Kaguya Will Impact the Moon on June 10

The Japanese lunar orbiter Kaguya will end its two-year mission with a controlled impact on the Moon’s surface on June 10th at 18:30 Universal Time. The impact location is near the southeast limb at 80ºE, 63ºS. If you live in Asia and Australia, you may have the opportunity to observe the impact event, and the Japanese Space Agency –JAXA – wants to hear from you if you plan on watching for the impact. The event may be visible with a bright flash or plume. JAXA is making available precise information on the projected time and location of the event. If you are interested in observing the impact, contact JAXA at [email protected] and provide your name, location, and planned observation method.

For more information about the event, see this article on Lunar Photo of the Day.

Here’s JAXA’s page on the mission.

One of the visual highlights of the Kaguya mission was a high definition “Earthrise” movie:

6 Replies to “Kaguya Will Impact the Moon on June 10”

  1. There’s a nice ‘opposition effect’ visible in the video, as a seemingly brighter patch of ground at the exact opposite of the sun.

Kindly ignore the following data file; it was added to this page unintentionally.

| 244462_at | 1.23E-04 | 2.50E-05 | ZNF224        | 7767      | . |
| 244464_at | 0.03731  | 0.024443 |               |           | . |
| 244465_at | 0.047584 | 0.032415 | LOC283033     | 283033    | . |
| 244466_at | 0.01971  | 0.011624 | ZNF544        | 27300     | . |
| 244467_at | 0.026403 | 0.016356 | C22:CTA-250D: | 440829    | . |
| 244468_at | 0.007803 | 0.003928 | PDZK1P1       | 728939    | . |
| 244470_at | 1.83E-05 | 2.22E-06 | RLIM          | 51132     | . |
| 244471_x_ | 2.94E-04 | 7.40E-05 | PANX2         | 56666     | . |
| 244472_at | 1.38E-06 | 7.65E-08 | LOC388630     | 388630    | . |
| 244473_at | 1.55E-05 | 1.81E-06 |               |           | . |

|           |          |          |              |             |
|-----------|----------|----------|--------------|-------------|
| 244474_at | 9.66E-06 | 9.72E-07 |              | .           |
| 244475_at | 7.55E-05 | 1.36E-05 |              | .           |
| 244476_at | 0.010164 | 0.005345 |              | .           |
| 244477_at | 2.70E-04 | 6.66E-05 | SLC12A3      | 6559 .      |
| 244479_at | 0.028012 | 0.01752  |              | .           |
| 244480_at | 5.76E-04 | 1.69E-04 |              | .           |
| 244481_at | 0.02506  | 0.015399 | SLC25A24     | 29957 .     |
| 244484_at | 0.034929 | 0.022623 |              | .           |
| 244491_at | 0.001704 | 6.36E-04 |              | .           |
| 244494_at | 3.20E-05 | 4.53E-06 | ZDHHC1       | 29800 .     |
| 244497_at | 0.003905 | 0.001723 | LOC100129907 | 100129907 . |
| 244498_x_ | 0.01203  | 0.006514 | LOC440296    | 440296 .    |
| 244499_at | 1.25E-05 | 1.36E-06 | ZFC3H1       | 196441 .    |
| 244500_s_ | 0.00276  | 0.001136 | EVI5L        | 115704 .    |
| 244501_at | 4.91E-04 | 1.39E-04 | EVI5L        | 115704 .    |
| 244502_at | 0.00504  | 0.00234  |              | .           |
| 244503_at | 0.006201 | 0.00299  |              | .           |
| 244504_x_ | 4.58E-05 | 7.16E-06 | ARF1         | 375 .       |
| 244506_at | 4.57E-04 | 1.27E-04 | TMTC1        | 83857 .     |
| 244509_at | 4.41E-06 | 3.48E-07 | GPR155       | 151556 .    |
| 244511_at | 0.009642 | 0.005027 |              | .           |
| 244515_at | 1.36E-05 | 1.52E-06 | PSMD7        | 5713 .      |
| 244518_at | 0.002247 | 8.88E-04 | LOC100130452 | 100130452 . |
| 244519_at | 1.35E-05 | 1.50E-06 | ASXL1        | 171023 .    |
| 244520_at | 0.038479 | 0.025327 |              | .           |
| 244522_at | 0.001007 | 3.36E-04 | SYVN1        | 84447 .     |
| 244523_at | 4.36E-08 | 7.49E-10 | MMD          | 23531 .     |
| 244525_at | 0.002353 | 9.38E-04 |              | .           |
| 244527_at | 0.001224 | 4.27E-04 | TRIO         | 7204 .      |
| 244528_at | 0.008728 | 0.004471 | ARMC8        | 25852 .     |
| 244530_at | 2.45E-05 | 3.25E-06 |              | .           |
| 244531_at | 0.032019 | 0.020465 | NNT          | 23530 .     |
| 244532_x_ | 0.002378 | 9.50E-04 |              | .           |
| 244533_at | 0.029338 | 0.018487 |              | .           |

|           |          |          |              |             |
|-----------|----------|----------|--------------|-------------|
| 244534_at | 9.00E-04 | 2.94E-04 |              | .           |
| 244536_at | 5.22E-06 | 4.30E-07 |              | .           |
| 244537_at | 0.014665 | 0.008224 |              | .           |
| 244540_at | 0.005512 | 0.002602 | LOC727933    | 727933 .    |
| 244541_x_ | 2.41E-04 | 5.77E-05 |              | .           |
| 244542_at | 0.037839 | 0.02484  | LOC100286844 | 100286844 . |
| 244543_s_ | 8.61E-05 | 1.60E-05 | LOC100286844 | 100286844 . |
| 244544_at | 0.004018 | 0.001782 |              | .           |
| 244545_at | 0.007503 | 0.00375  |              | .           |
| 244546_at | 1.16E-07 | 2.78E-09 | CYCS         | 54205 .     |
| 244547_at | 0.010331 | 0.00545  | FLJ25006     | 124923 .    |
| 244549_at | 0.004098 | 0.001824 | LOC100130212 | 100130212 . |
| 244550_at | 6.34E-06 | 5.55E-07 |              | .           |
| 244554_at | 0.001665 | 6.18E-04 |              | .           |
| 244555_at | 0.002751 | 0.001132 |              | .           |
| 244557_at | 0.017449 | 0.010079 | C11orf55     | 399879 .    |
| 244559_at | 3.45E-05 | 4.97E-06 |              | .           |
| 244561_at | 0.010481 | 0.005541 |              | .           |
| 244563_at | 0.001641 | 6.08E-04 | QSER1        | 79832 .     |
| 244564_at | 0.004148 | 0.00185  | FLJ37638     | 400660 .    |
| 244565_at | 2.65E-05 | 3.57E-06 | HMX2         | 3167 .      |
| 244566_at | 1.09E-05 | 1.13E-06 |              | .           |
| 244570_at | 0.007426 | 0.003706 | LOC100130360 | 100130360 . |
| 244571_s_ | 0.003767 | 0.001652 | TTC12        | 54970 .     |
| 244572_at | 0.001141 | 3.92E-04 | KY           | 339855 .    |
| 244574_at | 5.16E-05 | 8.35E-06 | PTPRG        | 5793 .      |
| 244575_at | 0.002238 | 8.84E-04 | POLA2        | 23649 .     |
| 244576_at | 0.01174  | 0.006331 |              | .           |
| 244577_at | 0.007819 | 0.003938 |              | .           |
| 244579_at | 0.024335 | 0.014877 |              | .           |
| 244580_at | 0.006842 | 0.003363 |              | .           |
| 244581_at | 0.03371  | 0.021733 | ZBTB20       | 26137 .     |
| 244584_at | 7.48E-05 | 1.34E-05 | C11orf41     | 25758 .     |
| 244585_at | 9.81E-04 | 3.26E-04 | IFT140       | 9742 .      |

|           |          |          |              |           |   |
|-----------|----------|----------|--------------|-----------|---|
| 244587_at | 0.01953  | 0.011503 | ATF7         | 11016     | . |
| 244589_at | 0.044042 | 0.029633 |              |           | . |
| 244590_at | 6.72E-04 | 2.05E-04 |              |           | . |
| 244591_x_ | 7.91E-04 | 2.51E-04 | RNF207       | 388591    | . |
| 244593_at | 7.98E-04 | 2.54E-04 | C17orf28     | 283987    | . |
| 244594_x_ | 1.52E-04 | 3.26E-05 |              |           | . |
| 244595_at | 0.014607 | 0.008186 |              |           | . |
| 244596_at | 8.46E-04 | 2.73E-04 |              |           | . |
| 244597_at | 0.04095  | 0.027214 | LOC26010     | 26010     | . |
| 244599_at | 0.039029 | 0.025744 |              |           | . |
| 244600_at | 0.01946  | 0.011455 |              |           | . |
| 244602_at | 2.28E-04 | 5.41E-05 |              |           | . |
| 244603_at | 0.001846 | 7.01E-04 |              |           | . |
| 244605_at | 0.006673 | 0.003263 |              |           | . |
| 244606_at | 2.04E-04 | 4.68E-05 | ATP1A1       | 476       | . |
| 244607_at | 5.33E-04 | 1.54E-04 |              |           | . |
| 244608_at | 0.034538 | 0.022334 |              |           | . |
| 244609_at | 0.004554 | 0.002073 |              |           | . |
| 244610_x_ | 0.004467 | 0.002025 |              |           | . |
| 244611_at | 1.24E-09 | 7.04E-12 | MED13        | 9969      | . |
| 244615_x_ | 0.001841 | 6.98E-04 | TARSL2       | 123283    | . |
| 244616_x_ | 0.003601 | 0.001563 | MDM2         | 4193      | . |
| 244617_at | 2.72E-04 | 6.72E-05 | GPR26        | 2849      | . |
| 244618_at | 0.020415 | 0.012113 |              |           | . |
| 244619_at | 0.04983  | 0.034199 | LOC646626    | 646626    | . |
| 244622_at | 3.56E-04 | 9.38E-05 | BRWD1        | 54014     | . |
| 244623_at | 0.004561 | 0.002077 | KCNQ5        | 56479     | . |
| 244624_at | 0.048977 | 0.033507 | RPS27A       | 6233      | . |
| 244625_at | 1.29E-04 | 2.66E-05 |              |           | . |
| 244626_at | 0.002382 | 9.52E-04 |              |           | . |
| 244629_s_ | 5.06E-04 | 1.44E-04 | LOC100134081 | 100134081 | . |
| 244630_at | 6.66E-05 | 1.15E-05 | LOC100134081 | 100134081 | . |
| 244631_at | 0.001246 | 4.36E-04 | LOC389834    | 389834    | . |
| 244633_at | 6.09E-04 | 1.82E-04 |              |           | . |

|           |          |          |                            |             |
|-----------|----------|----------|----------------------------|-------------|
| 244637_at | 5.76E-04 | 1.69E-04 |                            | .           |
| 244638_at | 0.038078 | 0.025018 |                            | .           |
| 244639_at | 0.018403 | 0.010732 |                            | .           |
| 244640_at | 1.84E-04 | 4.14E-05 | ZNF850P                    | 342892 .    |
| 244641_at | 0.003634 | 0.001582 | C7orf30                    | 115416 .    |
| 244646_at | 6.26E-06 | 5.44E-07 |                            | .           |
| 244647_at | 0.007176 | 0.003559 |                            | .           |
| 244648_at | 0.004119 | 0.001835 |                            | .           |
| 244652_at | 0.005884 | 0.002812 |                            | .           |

It is below the Jaxa © at the start of the film, and slowly moves upward.

  2. You’d think there’d be more “collision expirements” – it seems to me that it’d be relatively cheap and easy to shoot a rocket at the moon and harvest abuncha info….

  3. valmirmmorais: Thanks for these very informative links. Being in the US, I will be watching the IYA-UT video feed (as well as others). AFAIK, the plume predicted by NASA for the more favorable circumstances of the LCROSS mission recommended telescopes of at least 8-10 inches may be needed for visual sightings. Of course, advanced astroimagers with sensitive CCD cameras probably have an advantage here. @neoguru, during the Apollo program, several impacts by the third stage of the Saturn V were deliberately crashed into the moon so that previous seismographs left by earlier missions could record the results. These impacts (along with those of the ascent stage of the LEM) showed that the moon ‘rang like a bell’ or oscillated in a unique manner. This information gave scientists their first look at the moon’s internal structure.

  4. I forgot to mention the problem-plagued Ranger program of the 1960s. I’m sure many have now seen the famous Ranger 7 plummet into the crater Alphonsus. Ranger probes also had a hollow balsa-wood! sphere that contained a radio transmitter that could supposedly be heard back on Earth. It was thought that the reinforced balsa-wood sphere might bounce along the lunar surface and survive impact long enough to radio Earth that ‘Ranger has landed’. I never heard if any signals from any successful Ranger mission were received.

Comments are closed.